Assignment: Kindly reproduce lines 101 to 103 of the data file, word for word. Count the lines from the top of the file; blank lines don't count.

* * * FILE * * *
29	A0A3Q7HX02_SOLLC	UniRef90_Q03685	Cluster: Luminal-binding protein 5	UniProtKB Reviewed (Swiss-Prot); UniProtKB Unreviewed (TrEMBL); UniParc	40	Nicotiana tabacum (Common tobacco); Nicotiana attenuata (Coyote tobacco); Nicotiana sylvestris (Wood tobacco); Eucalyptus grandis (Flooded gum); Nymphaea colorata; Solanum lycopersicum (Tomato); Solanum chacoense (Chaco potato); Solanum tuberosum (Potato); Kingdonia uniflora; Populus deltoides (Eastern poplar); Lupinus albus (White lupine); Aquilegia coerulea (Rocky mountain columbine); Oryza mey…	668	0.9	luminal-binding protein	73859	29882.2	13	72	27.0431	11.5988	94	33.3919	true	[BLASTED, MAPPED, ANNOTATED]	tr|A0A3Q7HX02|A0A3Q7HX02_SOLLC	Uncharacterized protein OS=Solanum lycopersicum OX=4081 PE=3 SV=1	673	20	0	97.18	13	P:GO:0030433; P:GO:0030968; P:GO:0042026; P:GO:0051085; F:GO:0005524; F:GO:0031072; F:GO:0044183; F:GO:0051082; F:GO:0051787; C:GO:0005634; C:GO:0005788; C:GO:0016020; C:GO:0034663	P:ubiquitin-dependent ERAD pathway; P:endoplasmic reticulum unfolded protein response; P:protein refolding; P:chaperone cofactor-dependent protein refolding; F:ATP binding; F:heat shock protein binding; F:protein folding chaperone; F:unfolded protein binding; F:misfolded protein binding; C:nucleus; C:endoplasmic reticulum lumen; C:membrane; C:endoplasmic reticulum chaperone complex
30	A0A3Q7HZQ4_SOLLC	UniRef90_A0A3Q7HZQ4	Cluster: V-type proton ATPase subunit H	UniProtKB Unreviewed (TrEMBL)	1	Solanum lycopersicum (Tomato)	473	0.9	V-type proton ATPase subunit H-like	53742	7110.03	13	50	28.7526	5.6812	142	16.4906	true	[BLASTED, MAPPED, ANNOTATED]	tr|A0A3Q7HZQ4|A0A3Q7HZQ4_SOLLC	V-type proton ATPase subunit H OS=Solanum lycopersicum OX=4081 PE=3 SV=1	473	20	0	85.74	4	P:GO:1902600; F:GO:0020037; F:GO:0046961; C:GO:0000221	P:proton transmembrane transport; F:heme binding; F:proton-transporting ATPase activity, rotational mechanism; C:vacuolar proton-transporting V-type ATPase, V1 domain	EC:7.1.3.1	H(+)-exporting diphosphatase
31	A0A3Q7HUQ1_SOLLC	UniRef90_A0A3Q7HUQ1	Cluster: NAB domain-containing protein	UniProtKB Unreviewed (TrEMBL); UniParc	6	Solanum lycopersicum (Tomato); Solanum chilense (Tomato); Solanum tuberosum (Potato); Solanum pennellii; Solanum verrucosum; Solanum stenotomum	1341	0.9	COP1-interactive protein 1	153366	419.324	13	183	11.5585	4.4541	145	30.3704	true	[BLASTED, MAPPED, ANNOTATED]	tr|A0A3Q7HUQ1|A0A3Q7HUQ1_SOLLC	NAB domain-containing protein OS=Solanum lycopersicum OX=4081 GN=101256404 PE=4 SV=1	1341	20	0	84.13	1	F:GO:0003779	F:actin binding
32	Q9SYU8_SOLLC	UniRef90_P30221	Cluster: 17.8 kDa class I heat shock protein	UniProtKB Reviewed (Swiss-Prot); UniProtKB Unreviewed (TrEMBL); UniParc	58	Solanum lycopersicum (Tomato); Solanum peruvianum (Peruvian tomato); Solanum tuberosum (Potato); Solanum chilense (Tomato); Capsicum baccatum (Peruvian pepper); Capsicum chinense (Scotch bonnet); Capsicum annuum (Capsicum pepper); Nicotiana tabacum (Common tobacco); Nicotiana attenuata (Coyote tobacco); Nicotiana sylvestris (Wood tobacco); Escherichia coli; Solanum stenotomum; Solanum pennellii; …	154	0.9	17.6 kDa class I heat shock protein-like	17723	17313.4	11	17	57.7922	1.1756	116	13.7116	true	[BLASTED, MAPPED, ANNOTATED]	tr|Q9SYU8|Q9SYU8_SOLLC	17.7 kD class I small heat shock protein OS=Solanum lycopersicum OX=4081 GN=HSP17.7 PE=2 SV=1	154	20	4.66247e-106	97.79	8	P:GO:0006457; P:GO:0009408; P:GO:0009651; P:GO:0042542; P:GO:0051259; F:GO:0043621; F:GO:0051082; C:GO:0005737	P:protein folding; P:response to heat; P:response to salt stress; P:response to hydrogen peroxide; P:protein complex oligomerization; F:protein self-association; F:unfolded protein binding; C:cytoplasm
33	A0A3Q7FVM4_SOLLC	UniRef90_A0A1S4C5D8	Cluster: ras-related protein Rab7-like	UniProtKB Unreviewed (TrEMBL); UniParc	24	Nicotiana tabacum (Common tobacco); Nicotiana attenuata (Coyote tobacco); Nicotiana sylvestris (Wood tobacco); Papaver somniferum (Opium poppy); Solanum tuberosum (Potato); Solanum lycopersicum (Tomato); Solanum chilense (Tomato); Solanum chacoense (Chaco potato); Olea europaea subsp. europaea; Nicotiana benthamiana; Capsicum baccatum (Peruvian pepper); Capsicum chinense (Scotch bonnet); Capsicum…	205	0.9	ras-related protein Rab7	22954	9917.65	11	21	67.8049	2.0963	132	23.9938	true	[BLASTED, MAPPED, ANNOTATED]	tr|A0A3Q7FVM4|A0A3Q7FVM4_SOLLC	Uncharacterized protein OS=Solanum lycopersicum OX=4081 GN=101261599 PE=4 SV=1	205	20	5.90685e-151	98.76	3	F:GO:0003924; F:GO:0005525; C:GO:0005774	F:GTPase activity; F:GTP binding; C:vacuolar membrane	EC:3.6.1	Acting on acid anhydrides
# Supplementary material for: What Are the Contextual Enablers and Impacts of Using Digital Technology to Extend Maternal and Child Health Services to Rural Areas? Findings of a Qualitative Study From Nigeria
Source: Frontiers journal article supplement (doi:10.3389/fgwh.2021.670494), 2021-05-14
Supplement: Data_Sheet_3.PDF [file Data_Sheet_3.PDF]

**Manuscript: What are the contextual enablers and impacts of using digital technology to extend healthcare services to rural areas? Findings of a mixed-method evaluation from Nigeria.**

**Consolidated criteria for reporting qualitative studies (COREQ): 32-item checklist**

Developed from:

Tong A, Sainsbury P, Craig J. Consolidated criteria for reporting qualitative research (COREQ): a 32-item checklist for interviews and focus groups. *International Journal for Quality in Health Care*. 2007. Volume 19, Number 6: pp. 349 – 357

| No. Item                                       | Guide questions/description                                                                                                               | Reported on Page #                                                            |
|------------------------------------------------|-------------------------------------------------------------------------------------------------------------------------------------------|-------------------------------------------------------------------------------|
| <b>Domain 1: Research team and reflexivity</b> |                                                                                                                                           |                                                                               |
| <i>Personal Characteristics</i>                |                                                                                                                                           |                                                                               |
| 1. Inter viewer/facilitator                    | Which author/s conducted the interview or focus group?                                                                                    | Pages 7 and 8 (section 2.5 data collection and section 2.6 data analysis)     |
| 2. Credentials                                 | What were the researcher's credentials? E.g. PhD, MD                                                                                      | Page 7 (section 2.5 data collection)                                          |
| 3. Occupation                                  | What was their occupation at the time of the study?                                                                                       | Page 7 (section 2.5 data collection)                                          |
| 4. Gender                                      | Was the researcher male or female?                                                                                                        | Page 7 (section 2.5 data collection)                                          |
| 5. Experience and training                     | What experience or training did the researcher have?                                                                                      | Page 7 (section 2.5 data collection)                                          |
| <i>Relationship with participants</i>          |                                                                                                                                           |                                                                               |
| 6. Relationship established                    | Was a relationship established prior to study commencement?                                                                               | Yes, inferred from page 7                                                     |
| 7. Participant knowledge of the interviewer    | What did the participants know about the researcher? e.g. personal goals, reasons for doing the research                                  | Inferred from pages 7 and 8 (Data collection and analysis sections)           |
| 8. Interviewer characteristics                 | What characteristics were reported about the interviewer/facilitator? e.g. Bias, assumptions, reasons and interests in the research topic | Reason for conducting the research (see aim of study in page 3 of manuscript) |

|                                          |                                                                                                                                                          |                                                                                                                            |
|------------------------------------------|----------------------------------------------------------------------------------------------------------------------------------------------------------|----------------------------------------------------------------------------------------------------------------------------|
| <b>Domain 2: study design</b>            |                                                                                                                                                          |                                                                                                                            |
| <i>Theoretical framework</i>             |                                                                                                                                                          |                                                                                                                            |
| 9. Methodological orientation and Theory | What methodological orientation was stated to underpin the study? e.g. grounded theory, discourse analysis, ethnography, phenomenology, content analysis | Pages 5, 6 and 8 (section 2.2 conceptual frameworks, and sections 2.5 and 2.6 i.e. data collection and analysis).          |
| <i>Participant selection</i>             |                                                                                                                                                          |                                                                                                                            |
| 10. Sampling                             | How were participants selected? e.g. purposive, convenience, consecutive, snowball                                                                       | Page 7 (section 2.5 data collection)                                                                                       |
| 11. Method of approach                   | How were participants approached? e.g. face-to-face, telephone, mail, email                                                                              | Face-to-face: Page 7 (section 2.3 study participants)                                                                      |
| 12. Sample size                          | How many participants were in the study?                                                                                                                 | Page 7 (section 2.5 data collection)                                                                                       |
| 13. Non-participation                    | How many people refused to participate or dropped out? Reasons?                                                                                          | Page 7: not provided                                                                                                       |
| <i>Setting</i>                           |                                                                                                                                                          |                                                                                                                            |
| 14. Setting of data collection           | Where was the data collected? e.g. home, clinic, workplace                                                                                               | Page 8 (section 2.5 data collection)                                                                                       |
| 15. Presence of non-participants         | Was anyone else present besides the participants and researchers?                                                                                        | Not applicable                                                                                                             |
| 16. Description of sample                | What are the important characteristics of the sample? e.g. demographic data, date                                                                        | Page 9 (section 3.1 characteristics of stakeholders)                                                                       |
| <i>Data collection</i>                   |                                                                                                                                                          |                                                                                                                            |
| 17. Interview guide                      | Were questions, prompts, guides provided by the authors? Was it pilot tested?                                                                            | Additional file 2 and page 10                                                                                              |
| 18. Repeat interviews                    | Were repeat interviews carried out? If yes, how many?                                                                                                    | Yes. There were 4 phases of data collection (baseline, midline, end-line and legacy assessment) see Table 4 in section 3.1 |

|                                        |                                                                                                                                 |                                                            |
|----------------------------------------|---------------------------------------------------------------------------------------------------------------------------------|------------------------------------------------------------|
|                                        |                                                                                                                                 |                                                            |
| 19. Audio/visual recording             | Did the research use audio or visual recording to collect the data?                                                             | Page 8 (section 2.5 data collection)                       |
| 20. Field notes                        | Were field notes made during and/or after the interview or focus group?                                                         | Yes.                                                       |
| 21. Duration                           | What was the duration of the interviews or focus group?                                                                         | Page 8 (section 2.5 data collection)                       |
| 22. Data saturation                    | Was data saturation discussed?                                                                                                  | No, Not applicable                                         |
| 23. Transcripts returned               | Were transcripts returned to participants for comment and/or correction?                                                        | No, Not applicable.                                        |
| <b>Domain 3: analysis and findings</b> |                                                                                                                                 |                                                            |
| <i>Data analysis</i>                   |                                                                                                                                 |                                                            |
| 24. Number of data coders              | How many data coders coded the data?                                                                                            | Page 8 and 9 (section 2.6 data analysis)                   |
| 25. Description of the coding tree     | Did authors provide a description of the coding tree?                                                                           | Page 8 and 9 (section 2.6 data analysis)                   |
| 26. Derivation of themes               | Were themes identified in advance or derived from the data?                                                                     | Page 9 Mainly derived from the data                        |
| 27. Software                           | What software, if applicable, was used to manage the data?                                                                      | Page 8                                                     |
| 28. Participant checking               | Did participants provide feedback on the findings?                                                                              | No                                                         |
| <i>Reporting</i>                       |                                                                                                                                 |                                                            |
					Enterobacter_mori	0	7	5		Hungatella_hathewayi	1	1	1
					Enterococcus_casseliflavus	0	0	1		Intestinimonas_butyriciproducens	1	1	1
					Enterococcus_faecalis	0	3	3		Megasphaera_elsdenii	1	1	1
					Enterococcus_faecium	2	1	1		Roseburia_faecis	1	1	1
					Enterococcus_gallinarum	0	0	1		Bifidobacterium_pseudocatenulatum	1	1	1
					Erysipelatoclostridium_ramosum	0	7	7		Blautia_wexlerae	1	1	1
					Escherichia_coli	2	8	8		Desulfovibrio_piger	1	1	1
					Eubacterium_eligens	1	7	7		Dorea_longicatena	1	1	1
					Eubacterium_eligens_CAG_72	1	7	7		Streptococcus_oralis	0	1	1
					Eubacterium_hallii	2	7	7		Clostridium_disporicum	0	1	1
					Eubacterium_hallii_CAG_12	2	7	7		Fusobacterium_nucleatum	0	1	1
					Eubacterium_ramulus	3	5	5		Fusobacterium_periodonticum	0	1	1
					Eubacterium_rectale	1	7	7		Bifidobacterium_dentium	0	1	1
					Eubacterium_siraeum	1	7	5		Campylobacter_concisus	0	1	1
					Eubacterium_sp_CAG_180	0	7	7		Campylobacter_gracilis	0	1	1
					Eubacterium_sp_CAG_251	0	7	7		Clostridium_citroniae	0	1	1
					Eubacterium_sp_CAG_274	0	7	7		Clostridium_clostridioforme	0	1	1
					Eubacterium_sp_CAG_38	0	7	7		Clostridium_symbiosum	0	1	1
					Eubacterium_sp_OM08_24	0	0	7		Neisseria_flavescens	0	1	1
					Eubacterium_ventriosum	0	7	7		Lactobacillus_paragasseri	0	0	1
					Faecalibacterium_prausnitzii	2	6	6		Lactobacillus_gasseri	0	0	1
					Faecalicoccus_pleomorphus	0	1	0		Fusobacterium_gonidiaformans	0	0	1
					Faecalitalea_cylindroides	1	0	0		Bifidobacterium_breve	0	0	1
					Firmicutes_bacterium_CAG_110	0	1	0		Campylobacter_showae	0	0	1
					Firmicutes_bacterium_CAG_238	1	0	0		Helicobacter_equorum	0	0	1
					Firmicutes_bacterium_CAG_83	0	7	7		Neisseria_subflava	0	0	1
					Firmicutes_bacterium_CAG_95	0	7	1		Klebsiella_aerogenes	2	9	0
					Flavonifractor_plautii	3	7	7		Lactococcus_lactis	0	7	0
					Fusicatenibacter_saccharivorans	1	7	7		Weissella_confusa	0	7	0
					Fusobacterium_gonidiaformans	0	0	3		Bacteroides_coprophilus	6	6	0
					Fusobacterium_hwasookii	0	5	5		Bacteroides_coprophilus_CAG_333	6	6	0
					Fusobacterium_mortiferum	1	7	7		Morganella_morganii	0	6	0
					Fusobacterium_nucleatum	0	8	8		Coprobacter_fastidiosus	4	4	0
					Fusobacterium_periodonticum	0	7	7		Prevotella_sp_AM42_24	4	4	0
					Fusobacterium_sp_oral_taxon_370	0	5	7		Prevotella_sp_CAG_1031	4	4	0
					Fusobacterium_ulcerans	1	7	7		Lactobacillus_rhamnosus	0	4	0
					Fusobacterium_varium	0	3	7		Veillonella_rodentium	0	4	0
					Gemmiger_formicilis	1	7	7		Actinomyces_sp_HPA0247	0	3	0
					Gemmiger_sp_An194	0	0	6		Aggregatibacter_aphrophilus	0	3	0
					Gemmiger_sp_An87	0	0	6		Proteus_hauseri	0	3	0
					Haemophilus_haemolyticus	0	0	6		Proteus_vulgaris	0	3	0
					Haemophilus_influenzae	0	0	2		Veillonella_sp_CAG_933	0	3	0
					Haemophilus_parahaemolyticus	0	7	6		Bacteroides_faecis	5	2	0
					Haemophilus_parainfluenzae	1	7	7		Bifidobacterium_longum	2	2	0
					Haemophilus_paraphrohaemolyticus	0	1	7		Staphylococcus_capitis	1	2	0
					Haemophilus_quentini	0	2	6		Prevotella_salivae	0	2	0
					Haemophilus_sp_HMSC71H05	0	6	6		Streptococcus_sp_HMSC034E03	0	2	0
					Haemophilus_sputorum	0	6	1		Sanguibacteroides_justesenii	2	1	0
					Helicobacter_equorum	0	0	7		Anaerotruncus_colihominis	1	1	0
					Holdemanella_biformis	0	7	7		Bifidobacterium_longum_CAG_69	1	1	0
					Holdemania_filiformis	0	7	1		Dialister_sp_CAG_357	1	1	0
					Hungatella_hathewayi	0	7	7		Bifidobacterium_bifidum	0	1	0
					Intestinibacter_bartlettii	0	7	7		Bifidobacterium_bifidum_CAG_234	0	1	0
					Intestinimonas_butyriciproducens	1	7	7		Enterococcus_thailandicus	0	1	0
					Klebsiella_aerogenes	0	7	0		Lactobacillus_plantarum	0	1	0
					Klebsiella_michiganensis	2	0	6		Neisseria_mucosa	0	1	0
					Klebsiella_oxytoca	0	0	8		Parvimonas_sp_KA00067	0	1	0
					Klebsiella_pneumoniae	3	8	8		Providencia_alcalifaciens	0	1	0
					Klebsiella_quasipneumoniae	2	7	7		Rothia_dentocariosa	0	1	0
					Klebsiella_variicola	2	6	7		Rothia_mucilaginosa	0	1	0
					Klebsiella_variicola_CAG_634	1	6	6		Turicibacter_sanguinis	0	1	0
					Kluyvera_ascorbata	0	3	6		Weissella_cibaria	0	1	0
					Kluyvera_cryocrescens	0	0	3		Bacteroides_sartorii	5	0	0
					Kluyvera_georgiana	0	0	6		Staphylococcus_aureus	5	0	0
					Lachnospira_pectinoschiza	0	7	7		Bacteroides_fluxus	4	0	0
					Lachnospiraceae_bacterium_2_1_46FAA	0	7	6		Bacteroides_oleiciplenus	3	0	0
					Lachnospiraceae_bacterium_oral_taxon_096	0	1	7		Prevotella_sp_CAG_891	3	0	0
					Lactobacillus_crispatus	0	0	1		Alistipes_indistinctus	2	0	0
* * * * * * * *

					Haemophilus_parahaemolyticus	0	7	6		Bacteroides_faecis	5	2	0
					Haemophilus_parainfluenzae	1	7	7		Bifidobacterium_longum	2	2	0
					Haemophilus_paraphrohaemolyticus	0	1	7		Staphylococcus_capitis	1	2	0